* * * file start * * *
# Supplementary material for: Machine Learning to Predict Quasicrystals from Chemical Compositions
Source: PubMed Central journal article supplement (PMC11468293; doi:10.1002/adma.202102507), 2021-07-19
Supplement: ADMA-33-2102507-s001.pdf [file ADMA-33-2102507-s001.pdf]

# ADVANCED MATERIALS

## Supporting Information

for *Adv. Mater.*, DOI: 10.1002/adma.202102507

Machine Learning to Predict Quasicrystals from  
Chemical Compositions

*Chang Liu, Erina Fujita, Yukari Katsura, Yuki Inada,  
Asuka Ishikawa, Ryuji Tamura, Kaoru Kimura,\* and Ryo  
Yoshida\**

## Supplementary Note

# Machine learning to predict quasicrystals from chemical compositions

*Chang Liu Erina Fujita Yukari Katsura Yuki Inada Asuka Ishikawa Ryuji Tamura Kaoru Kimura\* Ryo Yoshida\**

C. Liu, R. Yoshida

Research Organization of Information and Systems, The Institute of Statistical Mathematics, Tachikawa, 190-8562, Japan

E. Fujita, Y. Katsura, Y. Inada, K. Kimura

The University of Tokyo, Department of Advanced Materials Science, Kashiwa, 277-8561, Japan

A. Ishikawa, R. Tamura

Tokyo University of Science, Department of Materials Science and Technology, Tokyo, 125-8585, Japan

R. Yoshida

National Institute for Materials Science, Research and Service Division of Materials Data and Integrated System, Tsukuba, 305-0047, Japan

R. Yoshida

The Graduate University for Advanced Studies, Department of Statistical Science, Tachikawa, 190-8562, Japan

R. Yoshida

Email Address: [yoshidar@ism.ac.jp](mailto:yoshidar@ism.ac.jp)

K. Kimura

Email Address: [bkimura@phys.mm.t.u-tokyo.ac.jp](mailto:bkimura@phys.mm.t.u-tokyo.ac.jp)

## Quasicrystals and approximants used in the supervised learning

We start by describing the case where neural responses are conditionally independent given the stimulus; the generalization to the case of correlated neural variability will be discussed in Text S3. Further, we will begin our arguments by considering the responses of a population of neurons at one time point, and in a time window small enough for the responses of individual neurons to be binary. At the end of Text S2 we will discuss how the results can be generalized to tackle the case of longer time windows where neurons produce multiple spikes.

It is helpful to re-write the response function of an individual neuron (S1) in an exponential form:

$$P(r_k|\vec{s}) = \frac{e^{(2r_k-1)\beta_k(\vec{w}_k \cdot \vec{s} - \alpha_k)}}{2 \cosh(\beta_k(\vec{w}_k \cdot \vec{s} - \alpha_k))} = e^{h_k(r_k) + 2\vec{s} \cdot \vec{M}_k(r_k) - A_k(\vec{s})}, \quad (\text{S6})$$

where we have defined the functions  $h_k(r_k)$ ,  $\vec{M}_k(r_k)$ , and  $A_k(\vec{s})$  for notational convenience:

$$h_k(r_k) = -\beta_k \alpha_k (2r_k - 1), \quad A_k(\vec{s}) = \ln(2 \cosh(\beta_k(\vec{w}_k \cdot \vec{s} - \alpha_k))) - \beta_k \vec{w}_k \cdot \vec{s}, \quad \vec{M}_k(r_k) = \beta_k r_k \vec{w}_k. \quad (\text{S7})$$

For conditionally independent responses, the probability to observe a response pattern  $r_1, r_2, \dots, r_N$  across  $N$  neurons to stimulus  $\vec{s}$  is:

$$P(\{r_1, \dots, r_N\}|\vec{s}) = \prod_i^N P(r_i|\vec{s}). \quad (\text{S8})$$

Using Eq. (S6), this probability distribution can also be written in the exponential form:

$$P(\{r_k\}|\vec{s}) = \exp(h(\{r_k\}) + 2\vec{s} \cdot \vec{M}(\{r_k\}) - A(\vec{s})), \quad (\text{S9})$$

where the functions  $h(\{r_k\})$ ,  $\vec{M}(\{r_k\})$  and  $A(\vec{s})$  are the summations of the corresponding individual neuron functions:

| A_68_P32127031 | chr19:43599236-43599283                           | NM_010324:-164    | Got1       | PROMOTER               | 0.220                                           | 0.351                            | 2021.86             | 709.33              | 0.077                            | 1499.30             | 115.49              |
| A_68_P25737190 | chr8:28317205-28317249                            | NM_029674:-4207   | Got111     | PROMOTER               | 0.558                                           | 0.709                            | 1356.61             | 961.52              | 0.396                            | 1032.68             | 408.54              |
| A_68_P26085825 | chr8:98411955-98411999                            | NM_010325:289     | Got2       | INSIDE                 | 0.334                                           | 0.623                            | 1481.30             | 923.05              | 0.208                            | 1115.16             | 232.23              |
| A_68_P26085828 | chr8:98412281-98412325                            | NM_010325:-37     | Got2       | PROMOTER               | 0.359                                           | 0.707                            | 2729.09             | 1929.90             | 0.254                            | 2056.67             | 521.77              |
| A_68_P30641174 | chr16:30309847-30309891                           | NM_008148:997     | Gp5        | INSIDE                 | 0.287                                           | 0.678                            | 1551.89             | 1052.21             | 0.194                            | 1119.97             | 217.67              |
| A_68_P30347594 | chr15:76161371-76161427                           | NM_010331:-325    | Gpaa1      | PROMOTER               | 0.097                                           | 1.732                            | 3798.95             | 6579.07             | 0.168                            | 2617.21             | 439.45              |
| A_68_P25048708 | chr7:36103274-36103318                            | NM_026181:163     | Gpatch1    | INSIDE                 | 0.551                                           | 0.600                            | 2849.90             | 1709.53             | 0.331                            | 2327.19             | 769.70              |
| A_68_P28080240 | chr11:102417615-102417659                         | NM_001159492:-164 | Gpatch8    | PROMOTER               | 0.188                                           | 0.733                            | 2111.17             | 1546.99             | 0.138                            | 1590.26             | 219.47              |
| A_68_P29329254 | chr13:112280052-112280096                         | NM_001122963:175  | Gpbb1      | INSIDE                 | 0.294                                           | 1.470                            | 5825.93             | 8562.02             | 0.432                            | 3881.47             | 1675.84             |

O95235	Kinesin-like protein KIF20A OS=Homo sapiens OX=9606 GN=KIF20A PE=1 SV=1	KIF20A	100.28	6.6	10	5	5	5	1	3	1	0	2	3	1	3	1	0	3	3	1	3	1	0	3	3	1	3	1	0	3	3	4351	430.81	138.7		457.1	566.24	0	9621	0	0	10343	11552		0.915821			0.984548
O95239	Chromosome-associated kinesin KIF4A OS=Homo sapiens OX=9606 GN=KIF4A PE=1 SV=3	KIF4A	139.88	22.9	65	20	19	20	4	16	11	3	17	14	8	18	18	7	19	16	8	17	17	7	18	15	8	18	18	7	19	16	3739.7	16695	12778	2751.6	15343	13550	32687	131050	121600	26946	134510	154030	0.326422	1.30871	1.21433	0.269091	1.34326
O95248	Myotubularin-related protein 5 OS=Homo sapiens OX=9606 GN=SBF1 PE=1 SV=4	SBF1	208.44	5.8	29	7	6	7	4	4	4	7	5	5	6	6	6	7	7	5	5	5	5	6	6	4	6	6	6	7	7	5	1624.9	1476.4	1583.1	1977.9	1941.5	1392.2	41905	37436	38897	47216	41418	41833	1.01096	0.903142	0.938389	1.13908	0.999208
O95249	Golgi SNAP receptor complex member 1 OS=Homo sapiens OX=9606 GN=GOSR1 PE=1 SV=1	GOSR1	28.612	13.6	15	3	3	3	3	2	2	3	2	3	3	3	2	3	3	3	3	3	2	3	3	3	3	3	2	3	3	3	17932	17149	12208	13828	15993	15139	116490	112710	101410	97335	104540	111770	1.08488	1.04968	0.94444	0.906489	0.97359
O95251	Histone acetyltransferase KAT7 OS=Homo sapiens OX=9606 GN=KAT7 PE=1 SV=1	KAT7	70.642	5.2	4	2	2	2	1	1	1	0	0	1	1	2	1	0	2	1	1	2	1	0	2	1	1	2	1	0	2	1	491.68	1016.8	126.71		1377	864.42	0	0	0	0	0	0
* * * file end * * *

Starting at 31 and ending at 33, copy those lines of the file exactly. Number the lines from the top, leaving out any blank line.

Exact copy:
It is helpful to re-write the response function of an individual neuron (S1) in an exponential form:

$$P(r_k|\vec{s}) = \frac{e^{(2r_k-1)\beta_k(\vec{w}_k \cdot \vec{s} - \alpha_k)}}{2 \cosh(\beta_k(\vec{w}_k \cdot \vec{s} - \alpha_k))} = e^{h_k(r_k) + 2\vec{s} \cdot \vec{M}_k(r_k) - A_k(\vec{s})}, \quad (\text{S6})$$

where we have defined the functions  $h_k(r_k)$ ,  $\vec{M}_k(r_k)$ , and  $A_k(\vec{s})$  for notational convenience: